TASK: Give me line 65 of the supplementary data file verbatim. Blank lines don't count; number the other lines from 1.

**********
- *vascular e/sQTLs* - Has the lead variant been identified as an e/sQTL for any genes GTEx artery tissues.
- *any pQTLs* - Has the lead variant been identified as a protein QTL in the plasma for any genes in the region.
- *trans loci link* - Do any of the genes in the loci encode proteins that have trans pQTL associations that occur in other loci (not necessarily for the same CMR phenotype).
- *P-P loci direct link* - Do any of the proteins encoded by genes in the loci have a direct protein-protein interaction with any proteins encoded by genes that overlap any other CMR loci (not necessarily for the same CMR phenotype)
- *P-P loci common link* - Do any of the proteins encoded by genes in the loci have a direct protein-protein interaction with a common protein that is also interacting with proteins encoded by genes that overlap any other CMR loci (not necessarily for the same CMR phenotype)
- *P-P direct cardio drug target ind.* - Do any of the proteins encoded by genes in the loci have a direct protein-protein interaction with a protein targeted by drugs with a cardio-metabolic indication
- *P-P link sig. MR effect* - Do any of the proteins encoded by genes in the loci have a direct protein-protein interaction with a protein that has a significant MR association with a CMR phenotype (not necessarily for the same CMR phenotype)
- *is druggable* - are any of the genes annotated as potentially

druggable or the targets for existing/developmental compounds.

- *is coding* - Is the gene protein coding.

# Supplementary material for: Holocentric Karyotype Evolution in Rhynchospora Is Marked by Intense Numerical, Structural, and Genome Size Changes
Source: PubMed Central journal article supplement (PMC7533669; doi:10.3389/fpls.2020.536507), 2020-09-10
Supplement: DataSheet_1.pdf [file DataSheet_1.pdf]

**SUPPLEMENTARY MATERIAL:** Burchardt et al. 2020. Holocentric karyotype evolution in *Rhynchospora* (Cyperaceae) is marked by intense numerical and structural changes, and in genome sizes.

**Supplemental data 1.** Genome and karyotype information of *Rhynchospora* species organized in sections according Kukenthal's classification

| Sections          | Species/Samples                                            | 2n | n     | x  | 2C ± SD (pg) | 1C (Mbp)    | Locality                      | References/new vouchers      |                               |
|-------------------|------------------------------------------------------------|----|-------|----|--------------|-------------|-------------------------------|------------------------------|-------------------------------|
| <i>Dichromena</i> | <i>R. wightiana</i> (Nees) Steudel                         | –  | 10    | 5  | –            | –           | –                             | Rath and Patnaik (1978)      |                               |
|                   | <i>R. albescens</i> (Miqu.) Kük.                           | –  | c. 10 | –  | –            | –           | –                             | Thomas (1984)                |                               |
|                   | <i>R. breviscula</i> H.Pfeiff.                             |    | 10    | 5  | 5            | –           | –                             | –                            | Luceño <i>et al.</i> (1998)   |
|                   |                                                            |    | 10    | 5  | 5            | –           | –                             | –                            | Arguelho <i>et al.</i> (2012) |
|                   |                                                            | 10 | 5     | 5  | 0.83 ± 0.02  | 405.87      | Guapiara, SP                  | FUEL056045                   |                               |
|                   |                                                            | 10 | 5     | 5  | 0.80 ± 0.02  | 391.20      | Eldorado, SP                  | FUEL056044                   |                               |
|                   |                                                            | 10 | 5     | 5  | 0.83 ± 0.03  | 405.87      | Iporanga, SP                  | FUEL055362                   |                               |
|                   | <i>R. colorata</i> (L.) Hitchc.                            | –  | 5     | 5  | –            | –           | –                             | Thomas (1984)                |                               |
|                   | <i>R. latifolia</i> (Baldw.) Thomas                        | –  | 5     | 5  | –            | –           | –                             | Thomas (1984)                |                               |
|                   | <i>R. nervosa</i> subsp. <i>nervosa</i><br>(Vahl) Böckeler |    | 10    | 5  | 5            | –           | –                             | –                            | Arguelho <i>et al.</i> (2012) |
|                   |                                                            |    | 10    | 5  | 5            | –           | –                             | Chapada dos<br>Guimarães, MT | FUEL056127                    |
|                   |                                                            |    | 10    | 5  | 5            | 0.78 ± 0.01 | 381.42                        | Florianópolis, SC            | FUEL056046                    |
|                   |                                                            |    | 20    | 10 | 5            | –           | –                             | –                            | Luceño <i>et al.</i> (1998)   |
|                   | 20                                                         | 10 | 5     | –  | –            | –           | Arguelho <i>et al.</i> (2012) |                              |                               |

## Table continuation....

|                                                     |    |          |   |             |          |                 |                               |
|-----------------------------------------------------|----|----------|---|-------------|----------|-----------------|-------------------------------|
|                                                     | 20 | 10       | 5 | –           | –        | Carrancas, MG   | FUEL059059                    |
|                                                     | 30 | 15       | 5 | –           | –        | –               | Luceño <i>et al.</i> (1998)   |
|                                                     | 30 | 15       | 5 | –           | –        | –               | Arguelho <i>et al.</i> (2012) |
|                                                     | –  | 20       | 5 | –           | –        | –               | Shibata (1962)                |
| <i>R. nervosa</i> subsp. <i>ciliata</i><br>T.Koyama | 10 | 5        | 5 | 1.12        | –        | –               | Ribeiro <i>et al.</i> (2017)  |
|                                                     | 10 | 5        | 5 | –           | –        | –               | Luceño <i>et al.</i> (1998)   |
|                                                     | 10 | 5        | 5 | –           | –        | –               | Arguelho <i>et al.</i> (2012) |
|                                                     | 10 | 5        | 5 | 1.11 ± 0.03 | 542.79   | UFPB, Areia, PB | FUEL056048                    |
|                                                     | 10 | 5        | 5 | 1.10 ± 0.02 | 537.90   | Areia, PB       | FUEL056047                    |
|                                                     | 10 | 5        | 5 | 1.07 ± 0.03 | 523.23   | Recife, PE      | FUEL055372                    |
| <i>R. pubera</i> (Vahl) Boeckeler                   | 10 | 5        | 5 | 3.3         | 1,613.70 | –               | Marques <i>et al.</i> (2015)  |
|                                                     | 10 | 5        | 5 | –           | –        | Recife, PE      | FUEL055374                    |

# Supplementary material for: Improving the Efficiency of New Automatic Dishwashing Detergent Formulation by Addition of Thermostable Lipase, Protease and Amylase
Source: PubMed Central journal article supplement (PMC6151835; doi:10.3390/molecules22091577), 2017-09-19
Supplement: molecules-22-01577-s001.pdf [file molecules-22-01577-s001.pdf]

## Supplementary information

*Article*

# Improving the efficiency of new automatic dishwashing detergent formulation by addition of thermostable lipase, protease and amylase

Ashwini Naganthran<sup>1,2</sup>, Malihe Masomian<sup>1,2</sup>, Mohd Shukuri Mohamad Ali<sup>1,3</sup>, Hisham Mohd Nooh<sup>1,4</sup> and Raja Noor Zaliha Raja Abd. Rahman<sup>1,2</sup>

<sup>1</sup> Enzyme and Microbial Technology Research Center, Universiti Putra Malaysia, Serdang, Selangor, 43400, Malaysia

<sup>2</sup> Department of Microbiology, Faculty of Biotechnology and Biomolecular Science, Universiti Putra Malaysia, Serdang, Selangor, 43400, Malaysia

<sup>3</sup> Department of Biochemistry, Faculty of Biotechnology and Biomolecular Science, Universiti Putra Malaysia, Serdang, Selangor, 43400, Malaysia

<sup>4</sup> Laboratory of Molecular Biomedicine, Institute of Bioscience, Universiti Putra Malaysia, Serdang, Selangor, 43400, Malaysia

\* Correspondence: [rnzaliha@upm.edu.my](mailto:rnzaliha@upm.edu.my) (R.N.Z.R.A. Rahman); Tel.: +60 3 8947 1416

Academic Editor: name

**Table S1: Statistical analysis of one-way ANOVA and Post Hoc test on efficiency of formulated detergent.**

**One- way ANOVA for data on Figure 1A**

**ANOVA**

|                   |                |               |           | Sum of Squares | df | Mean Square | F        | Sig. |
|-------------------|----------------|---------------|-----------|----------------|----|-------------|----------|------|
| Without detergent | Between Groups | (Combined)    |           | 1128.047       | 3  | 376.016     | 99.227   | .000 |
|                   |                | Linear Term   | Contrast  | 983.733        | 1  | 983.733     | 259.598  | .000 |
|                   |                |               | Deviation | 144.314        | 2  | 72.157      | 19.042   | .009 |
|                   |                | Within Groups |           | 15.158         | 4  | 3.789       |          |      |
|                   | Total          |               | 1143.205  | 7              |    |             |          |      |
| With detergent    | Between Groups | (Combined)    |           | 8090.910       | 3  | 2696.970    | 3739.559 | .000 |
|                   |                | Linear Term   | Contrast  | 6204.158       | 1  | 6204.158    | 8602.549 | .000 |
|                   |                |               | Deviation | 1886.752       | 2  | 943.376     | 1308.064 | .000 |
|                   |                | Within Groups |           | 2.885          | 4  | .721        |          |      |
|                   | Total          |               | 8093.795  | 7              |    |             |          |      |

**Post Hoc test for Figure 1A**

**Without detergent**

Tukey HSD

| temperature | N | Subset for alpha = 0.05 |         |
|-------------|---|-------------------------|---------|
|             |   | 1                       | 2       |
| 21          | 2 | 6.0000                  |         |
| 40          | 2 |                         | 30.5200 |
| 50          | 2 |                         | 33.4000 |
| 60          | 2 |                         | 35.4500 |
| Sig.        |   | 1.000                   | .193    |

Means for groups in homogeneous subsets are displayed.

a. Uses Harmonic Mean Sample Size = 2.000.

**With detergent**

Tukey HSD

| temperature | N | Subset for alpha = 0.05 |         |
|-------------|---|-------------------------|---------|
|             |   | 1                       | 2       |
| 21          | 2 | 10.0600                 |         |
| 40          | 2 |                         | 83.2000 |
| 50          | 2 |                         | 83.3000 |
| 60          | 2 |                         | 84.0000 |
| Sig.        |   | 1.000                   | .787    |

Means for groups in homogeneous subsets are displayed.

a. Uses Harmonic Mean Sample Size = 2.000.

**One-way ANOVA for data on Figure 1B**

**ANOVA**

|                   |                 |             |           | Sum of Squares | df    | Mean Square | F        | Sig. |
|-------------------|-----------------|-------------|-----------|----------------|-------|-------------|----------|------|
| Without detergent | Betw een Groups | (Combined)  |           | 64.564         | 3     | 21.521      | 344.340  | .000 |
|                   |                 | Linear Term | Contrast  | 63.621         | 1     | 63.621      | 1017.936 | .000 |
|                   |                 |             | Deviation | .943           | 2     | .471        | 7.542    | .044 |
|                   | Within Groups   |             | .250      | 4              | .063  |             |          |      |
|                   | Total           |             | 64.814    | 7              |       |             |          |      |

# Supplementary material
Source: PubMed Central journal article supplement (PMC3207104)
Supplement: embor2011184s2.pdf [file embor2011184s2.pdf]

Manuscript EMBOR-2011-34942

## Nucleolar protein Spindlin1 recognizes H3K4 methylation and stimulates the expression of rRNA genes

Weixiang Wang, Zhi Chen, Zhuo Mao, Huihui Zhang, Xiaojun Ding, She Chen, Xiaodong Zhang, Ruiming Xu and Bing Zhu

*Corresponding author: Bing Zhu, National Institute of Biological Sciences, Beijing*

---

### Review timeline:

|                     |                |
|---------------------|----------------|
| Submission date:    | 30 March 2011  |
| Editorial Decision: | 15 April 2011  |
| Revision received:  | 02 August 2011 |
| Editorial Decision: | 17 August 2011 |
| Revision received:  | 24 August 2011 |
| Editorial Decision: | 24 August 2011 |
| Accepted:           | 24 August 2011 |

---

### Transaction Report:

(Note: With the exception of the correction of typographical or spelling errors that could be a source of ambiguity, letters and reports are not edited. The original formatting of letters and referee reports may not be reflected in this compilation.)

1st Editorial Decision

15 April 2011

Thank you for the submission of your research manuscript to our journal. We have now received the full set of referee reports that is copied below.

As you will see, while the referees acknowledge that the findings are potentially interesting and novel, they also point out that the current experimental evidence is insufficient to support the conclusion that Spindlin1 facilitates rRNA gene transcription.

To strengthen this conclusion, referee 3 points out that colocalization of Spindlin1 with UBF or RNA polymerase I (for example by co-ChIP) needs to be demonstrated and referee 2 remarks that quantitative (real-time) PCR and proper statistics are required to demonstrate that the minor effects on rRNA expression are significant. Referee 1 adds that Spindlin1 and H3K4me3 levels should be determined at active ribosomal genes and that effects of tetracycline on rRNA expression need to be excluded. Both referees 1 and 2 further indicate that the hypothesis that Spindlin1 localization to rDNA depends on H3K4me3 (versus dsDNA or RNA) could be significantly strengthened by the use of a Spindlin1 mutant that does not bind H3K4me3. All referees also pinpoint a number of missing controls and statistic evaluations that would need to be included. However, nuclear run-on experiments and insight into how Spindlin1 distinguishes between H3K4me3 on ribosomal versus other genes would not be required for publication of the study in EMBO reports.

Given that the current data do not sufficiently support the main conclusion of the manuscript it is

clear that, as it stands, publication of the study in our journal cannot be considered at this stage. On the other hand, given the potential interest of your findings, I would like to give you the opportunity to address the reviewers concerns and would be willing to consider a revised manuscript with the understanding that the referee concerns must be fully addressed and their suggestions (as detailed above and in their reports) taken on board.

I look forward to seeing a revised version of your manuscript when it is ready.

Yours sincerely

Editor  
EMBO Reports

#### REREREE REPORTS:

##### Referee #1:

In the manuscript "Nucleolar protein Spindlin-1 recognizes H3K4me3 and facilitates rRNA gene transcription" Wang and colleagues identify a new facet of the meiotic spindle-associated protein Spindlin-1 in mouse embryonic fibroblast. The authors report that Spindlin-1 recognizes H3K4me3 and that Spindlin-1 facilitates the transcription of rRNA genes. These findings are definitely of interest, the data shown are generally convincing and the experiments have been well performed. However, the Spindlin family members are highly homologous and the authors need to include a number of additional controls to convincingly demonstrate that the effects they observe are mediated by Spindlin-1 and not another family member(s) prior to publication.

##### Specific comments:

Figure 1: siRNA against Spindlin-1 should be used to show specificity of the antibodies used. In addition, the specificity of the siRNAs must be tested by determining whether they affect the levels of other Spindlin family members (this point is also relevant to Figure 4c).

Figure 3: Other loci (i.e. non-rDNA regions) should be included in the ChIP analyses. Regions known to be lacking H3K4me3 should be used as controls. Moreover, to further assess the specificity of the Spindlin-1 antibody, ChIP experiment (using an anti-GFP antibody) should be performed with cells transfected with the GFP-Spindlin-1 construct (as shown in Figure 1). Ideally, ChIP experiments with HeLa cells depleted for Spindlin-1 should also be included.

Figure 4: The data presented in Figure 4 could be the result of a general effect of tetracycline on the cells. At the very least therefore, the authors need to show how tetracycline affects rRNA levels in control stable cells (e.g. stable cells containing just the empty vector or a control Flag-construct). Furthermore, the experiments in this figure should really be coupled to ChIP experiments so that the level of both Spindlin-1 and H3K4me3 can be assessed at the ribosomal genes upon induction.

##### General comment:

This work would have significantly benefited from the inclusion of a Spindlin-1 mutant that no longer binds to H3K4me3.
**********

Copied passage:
| Without detergent | Between Groups | (Combined)    |           | 1128.047       | 3  | 376.016     | 99.227   | .000 |